The Beast in the Mosquito: The Correspondence of Ronald Ross and Patrick Manson
The correspondence between Sir Ronald Ross (1857-1932) and Sir Patrick Manson (1844-1922) is rich in both scientific and human terms. It records, in great detail, Ross's research in India between 1895 and 1899, which elucidated the role of mosquitoes in the transmission of malaria, work for which Ross was awarded the 1902 Nobel Prize for Medicine or Physiology. Ross described the mosquito-transmission theory as Manson's 'Grand Induction', and he had returned to India, where he was an officer in the Indian Medical Service, having been primed by Manson. Ross's regular letters to his mentor document the frustrations and false trails as well as the excitement of discovery. Manson in turn acted as a kind of agent in London, publicising his findings, offering advice and seeking to use his influence to secure for Ross the working conditions he so desired.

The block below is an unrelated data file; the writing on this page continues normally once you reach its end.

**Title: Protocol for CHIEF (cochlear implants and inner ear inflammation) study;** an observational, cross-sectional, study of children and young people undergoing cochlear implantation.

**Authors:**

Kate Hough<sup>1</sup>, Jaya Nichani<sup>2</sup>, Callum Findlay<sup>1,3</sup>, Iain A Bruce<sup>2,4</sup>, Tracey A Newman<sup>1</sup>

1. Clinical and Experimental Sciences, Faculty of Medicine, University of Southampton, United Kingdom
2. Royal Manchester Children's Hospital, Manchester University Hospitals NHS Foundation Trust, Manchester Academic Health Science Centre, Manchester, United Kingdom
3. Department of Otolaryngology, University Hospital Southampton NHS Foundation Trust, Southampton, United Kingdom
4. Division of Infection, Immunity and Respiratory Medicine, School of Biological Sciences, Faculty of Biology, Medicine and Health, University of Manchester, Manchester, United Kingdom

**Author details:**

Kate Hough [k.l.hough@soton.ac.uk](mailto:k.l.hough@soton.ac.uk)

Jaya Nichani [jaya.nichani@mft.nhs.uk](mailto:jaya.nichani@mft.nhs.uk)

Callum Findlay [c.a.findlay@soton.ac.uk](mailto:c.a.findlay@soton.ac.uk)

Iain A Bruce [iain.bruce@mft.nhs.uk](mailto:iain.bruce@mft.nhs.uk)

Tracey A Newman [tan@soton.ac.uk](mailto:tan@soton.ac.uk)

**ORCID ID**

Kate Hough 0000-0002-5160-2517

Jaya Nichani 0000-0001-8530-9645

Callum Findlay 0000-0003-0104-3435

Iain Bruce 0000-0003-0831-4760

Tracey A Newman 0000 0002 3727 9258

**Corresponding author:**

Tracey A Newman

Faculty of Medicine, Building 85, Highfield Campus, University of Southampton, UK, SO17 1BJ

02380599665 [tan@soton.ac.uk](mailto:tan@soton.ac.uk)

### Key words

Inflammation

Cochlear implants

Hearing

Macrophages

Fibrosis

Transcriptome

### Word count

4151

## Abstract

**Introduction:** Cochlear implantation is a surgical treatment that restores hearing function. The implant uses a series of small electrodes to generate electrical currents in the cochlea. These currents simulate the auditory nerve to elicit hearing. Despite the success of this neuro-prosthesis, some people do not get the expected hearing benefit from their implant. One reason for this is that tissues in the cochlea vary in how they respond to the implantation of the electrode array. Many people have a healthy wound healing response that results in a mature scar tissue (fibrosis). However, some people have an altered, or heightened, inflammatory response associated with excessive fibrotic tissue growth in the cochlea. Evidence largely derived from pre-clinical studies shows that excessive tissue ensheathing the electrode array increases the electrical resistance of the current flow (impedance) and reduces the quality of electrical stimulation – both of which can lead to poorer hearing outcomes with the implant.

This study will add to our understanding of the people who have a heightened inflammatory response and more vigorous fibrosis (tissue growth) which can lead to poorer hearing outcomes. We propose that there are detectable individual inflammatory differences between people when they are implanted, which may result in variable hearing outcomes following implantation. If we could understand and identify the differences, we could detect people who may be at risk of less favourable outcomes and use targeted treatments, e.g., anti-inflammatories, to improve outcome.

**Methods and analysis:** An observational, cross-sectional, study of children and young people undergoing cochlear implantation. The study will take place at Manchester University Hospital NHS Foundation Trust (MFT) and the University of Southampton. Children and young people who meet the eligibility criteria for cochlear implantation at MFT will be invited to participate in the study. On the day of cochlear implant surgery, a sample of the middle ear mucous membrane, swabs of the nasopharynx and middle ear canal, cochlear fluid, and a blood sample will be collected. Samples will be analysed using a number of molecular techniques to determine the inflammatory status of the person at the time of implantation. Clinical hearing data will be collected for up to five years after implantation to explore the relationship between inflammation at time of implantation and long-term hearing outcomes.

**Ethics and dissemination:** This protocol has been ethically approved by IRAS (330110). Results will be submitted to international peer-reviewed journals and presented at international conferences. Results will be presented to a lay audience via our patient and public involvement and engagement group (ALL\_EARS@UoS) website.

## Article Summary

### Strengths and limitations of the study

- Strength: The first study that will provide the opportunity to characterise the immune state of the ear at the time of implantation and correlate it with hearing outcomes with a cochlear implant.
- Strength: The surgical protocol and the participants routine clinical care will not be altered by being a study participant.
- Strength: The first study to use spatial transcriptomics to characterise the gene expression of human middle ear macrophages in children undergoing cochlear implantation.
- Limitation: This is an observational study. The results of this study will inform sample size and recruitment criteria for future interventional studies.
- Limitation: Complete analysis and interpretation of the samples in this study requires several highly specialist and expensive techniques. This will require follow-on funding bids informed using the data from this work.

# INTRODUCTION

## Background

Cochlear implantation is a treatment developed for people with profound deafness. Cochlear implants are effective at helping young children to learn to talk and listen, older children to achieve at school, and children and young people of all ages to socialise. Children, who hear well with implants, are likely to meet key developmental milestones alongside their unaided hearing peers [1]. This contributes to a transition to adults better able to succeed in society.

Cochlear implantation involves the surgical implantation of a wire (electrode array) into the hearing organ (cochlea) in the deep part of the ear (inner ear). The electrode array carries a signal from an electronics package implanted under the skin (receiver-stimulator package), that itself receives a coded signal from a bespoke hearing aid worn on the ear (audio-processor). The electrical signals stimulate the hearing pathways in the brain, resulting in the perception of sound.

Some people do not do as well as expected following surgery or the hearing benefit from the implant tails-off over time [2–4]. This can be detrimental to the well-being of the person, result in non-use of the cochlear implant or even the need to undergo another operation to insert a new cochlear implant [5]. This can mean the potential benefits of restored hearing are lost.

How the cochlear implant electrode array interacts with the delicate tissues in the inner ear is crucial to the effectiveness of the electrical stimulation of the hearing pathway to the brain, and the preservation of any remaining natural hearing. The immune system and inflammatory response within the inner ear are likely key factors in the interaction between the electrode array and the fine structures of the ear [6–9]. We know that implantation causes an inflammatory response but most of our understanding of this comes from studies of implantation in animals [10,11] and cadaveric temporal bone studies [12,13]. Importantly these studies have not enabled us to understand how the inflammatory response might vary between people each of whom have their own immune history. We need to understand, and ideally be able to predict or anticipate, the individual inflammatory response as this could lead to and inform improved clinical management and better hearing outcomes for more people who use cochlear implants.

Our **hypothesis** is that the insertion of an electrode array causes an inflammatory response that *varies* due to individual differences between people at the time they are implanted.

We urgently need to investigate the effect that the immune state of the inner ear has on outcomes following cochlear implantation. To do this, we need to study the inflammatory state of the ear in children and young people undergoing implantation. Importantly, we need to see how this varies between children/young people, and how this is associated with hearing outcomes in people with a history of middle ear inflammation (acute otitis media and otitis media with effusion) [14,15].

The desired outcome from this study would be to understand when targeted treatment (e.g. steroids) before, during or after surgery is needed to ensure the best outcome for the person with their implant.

These 173 letters, plus 85 from the two decades after Ross's return to Britain also record the rise and full of a relationship, as Ross's preoccupation with his place in the history of malariology led to a breach between the two men. Themes of priority, nationalism, and personal vanity punctuate this latter correspondence, which also reveals new insights about the golden years of tropical medicine.
Ross included some of the correspondence in his Memoirs, but most of it appears here, fully annotated, for the first time.
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Page xxxv - ... other room. I perceive the Modeste's launch was to leave with a supply of provisions for you for the present. If you wish anything that I have, let me know, and I will send it down immediately. I have plenty of flour, and have no doubt but plenty of beef and pork can be obtained here for the crew. It will give me great pleasure to be of any service to you. Hoping to hear from you soon, and that yourself, officers, and crew are all safe on shore, and in good health, I remain, dear sir, yours,...